By Jerald Hughes
& Scott Robinson
As the COVID-19 pandemic moves through its 3rd and by far the largest wave in the US, we would like to know, ‘Is it getting worse?’, ‘Has the current wave peaked?’, or ‘Are our emergency measures having any effect?’ Drawing definite conclusions on answers to these questions can only happen over an extended period of time. We can only see from a remove of two weeks or more, that a wave of infections peaked at a certain time. But short of that, we can get better indicators than just the raw data, if we look at the numbers today, compared to the same day in the previous week (see our post here of Nov 30 https://www.analogicalworld.com/post/the-daily-covid-19-picture ).
Chart 1. Daily Cases Minus Cases 7 Days Ago
Wherever this line is above 0, that day of the week is higher than it was a week ago. Whenever it is below 0, it’s lower than it was a week ago. This separation into positive and negative ranges gives us an earliest-possible indication of the trend, based on good comparisons which separate out the days of the week. What we’d prefer to see is a series of negative numbers, recording decline from the past week. As of this writing on Dec 16, we have stayed mostly in the positive-numbers zone, indicating continued spread of COVID-19.
This doesn’t completely remove anomalies. The Thanksgiving break lagged reporting of data and administration of tests, so we see some isolated numbers below the 0 line. But on Dec 1, the Tuesday after the Thanksgiving holiday, COVID-19 came roaring back, hitting higher numbers than ever. This measure also provides a clean, discrete way to measure past periods of increase, peak, and decline. The first wave of course began with all positive numbers (left side of the graph). An unbroken string of positive differences (increasing cases) continued from the very first day of recorded data, Feb 29, through April 10, at which point the curve reversed into the negative range (decreasing daily cases). Our previous blog post of Nov 15 (https://www.analogicalworld.com/post/analysis-the-dangers-of-covid-s-third-wave) identified the period of uncontrolled spread in the first wave as extending from March 15 through April 11, for a total of 28 days. These dates were obtained from the slope of the data curve.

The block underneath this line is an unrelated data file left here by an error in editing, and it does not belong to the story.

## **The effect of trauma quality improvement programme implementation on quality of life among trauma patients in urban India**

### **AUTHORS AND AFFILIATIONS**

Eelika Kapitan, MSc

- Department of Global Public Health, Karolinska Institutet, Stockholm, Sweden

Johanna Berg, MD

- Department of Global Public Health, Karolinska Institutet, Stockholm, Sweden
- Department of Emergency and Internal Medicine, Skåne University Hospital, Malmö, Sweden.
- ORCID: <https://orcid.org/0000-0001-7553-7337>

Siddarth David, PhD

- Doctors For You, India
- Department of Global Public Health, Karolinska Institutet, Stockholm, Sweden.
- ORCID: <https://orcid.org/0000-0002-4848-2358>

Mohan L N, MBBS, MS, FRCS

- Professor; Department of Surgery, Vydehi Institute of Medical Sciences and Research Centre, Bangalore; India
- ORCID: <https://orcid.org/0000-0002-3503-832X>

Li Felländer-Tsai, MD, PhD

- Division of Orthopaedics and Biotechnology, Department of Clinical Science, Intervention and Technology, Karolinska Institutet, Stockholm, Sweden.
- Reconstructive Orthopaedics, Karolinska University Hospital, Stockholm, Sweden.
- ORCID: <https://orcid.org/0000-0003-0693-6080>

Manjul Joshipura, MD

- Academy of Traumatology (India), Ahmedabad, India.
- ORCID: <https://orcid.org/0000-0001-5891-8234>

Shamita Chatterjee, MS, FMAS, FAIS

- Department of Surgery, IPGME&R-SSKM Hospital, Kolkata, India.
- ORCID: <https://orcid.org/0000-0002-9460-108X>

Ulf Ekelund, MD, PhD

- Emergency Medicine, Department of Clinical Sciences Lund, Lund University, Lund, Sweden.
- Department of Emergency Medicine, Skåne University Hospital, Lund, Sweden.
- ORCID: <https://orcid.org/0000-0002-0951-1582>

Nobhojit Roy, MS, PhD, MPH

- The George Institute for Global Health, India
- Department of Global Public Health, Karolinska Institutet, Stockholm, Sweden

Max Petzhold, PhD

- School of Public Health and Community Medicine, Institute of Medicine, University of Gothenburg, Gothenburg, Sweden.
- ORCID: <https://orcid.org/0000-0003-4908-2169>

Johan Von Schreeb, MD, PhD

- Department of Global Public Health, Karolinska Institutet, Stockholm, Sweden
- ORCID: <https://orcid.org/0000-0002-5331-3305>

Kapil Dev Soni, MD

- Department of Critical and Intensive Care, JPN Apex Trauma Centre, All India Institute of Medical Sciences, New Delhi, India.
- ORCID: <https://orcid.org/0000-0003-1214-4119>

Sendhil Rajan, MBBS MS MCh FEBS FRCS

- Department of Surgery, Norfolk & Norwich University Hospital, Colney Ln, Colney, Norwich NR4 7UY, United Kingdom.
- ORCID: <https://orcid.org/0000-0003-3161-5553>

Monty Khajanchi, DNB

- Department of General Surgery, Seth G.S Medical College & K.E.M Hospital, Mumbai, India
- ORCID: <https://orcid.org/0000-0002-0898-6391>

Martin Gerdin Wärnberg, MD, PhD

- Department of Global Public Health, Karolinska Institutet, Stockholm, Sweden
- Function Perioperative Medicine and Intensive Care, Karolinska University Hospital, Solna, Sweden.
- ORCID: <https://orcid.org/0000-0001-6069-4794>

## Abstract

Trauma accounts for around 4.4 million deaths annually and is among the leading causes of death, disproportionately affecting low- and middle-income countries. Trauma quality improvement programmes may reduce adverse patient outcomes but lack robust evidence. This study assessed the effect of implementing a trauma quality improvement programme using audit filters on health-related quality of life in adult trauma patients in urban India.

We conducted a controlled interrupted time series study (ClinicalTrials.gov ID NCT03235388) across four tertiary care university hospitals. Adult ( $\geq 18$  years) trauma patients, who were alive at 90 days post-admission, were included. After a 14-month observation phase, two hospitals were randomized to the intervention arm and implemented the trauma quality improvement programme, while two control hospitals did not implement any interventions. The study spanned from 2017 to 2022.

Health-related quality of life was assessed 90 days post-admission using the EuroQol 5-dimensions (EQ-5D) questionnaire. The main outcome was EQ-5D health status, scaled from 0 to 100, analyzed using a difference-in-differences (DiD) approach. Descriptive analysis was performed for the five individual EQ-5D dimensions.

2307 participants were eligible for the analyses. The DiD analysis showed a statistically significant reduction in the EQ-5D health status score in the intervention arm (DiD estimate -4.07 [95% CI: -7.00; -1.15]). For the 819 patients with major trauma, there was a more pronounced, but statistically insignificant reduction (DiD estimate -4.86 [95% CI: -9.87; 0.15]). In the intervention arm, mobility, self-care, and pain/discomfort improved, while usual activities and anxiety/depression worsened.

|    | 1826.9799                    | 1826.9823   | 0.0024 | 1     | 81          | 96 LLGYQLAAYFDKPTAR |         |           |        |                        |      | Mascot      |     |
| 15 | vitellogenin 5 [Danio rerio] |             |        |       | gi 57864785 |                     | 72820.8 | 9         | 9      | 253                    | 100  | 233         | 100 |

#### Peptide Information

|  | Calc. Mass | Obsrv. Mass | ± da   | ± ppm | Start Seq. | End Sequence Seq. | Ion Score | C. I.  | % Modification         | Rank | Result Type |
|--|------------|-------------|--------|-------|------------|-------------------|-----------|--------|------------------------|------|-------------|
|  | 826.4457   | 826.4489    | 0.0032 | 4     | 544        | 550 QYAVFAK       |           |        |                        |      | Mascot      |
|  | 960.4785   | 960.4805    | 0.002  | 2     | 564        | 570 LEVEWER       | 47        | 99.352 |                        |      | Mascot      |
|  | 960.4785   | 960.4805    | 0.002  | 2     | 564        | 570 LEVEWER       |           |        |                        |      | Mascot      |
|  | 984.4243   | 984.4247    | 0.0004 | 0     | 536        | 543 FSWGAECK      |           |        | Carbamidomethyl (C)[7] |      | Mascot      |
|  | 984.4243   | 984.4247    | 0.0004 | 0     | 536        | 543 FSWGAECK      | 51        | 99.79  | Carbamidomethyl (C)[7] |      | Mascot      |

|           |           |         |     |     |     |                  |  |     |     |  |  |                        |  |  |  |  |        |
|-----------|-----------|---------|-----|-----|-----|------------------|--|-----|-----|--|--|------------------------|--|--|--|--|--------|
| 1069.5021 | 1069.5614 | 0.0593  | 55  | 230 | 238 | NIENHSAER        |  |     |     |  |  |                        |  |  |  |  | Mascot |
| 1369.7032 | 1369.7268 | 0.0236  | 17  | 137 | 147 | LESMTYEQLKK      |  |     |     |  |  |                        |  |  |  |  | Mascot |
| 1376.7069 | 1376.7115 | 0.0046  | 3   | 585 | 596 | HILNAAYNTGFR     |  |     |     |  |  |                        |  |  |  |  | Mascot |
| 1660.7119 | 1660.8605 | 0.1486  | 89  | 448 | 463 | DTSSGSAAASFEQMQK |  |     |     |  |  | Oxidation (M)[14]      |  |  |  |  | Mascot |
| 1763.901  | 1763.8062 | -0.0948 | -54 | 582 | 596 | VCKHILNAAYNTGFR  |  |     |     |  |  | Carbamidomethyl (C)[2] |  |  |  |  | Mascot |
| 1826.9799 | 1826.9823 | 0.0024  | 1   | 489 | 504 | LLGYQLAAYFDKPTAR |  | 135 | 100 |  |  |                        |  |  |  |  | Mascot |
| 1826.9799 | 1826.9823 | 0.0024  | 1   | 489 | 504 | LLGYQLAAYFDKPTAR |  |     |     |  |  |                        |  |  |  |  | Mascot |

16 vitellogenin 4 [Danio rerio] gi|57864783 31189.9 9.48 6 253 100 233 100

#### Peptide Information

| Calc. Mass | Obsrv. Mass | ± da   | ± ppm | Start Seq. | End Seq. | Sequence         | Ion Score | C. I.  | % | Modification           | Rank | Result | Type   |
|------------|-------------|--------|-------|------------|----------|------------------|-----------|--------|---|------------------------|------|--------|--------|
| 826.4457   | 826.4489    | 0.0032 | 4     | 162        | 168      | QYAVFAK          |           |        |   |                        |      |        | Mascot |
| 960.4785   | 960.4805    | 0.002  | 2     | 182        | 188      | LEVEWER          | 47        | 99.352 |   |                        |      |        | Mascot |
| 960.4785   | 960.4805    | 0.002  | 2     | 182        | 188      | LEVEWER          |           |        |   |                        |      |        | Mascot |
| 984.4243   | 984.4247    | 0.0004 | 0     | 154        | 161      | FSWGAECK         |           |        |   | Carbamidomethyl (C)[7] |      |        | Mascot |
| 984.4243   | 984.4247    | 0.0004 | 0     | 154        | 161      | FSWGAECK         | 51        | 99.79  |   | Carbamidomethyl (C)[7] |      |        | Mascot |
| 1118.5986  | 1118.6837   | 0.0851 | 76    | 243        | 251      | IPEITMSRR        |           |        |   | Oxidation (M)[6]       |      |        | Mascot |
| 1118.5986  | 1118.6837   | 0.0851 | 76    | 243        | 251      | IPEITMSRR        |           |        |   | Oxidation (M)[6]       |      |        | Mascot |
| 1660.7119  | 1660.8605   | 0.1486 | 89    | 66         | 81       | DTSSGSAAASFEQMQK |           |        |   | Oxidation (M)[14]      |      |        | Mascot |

Using the method of weekday-to-same weekday comparisons, we get very good agreement with that previous analysis, counting 27 days of uncontrolled spread.
The second wave was previously estimated to demonstrate uncontrolled spread starting on June 11, and spotted July 23 as the end of that wave, for a total of 43 days. The 7-day lag method used here observes the first shift from negative range (decreasing cases) to positive range (increasing cases) on June 10, and continuing until July 23, again showing almost perfect agreement with the slope method, for a total of 44 days of uncontrolled spread in the second wave. The previous estimation via slope of the data curve placed the start of our current wave at Oct 5. This 7-day lag method first observes a shift into the continuously positive range on Oct 3, and as of this writing we see no peak. So our 3rd wave is 74 days long so far, and still counting.
Our Nov 15 analysis failed to consider any possible effects of the Thanksgiving period. Our worst-case scenario prediction then saw the 3rd wave peaking within 77 days. In retrospect, the Thanksgiving period appears to have introduced first a delay, then an extension, of the period of uncontrolled spread. Right now it appears that our mostly likely 3rd-wave outcome is an even longer period of uncontrolled spread, but [at least], one which is more gradual than we predicted without taking Thanksgiving into account. We can directly inspect the table of data for this measure to see distinct zones of development:
For this interpretation, we are looking only at the daily numbers (WeekdayLagChange), not the 7-day averages in the rightmost column.
Nov 10 – Nov 20 (red): accelerating spread Nov 21 – Nov 25 (orange): still increasing, but not as swiftly
Nov 26 – Nov 30 (green): Thanksgiving, illusion of decline in spread
Dec 1 – Dec 9 (red): even faster uncontrolled spread
Dec 10 – Dec 15 (yellow): still increasing, but more slowly
The news from Dec 10 through Dec 15 would be good, if it led to the negative territory of the graph. However, Dec 10 -14 instead show increasing numbers. Only the very last day, Dec 15, displays a negative number. As I write, Dec 16 data is not yet in the record for covidtracking.com. Unfortunately, the data from worldometers.info, which cuts off each day at 0:00 GMT, shows another huge increase for the 16th, 7.9% over last Wednesday, just barely missing setting yet another all-time record high in daily cases.
All opinions expressed in this blog are solely those of the authors, and do not reflect those of University of Texas Rio Grande Valley, or any organizations of which either is a member.